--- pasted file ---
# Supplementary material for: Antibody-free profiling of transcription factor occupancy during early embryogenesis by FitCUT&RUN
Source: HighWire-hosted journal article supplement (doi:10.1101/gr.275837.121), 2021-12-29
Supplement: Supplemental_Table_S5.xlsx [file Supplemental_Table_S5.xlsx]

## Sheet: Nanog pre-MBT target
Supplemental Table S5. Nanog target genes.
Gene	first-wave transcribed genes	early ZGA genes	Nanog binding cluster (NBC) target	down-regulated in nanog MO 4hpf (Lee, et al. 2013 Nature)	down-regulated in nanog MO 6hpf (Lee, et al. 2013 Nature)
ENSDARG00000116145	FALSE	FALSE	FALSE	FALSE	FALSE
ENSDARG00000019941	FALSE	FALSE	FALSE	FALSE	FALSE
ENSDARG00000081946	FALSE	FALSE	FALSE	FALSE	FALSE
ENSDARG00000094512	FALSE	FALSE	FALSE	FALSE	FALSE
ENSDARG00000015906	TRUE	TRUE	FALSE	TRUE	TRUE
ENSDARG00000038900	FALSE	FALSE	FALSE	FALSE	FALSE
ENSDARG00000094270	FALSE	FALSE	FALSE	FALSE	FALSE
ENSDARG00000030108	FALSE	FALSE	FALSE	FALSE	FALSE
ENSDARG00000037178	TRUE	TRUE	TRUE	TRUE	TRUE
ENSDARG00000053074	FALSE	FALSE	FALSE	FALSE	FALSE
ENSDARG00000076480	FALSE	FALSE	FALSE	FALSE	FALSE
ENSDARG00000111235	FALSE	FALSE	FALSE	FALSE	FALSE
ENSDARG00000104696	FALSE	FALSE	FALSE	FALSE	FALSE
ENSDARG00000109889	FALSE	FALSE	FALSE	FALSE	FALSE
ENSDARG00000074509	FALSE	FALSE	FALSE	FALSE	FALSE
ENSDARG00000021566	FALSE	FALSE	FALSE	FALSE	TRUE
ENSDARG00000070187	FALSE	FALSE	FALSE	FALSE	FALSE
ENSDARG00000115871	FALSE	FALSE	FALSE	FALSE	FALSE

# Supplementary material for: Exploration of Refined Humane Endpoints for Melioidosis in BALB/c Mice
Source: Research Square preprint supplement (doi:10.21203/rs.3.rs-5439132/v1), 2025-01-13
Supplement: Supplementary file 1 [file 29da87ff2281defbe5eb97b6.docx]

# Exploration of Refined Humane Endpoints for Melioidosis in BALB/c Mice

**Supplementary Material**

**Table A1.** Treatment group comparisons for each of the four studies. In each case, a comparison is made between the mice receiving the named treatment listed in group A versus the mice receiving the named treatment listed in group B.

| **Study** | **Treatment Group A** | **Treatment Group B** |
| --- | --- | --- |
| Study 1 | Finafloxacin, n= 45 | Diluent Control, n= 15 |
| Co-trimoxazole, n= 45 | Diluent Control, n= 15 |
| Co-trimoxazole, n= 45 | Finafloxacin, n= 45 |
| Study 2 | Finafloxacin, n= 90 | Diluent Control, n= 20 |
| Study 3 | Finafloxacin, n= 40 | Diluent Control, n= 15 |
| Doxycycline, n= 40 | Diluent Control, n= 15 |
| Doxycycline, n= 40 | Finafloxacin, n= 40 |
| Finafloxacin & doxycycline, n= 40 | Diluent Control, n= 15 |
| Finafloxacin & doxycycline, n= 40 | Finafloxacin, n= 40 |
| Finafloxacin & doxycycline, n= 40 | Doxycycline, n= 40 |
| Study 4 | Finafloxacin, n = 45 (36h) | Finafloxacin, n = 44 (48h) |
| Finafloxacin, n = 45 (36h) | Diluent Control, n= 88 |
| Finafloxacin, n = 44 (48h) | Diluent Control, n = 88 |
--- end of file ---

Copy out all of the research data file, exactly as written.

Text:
# Supplementary material for: Antibody-free profiling of transcription factor occupancy during early embryogenesis by FitCUT&RUN
Source: HighWire-hosted journal article supplement (doi:10.1101/gr.275837.121), 2021-12-29
Supplement: Supplemental_Table_S5.xlsx [file Supplemental_Table_S5.xlsx]

## Sheet: Nanog pre-MBT target
Supplemental Table S5. Nanog target genes.
Gene	first-wave transcribed genes	early ZGA genes	Nanog binding cluster (NBC) target	down-regulated in nanog MO 4hpf (Lee, et al. 2013 Nature)	down-regulated in nanog MO 6hpf (Lee, et al. 2013 Nature)
ENSDARG00000116145	FALSE	FALSE	FALSE	FALSE	FALSE
ENSDARG00000019941	FALSE	FALSE	FALSE	FALSE	FALSE
ENSDARG00000081946	FALSE	FALSE	FALSE	FALSE	FALSE
ENSDARG00000094512	FALSE	FALSE	FALSE	FALSE	FALSE
ENSDARG00000015906	TRUE	TRUE	FALSE	TRUE	TRUE
ENSDARG00000038900	FALSE	FALSE	FALSE	FALSE	FALSE
ENSDARG00000094270	FALSE	FALSE	FALSE	FALSE	FALSE
ENSDARG00000030108	FALSE	FALSE	FALSE	FALSE	FALSE
ENSDARG00000037178	TRUE	TRUE	TRUE	TRUE	TRUE
ENSDARG00000053074	FALSE	FALSE	FALSE	FALSE	FALSE
ENSDARG00000076480	FALSE	FALSE	FALSE	FALSE	FALSE
ENSDARG00000111235	FALSE	FALSE	FALSE	FALSE	FALSE
ENSDARG00000104696	FALSE	FALSE	FALSE	FALSE	FALSE
ENSDARG00000109889	FALSE	FALSE	FALSE	FALSE	FALSE
ENSDARG00000074509	FALSE	FALSE	FALSE	FALSE	FALSE
ENSDARG00000021566	FALSE	FALSE	FALSE	FALSE	TRUE
ENSDARG00000070187	FALSE	FALSE	FALSE	FALSE	FALSE
ENSDARG00000115871	FALSE	FALSE	FALSE	FALSE	FALSE

# Supplementary material for: Exploration of Refined Humane Endpoints for Melioidosis in BALB/c Mice
Source: Research Square preprint supplement (doi:10.21203/rs.3.rs-5439132/v1), 2025-01-13
Supplement: Supplementary file 1 [file 29da87ff2281defbe5eb97b6.docx]

# Exploration of Refined Humane Endpoints for Melioidosis in BALB/c Mice

**Supplementary Material**

**Table A1.** Treatment group comparisons for each of the four studies. In each case, a comparison is made between the mice receiving the named treatment listed in group A versus the mice receiving the named treatment listed in group B.

| **Study** | **Treatment Group A** | **Treatment Group B** |
| --- | --- | --- |
| Study 1 | Finafloxacin, n= 45 | Diluent Control, n= 15 |
| Co-trimoxazole, n= 45 | Diluent Control, n= 15 |
| Co-trimoxazole, n= 45 | Finafloxacin, n= 45 |
| Study 2 | Finafloxacin, n= 90 | Diluent Control, n= 20 |
| Study 3 | Finafloxacin, n= 40 | Diluent Control, n= 15 |
| Doxycycline, n= 40 | Diluent Control, n= 15 |
| Doxycycline, n= 40 | Finafloxacin, n= 40 |
| Finafloxacin & doxycycline, n= 40 | Diluent Control, n= 15 |
| Finafloxacin & doxycycline, n= 40 | Finafloxacin, n= 40 |
| Finafloxacin & doxycycline, n= 40 | Doxycycline, n= 40 |
| Study 4 | Finafloxacin, n = 45 (36h) | Finafloxacin, n = 44 (48h) |
| Finafloxacin, n = 45 (36h) | Diluent Control, n= 88 |
| Finafloxacin, n = 44 (48h) | Diluent Control, n = 88 |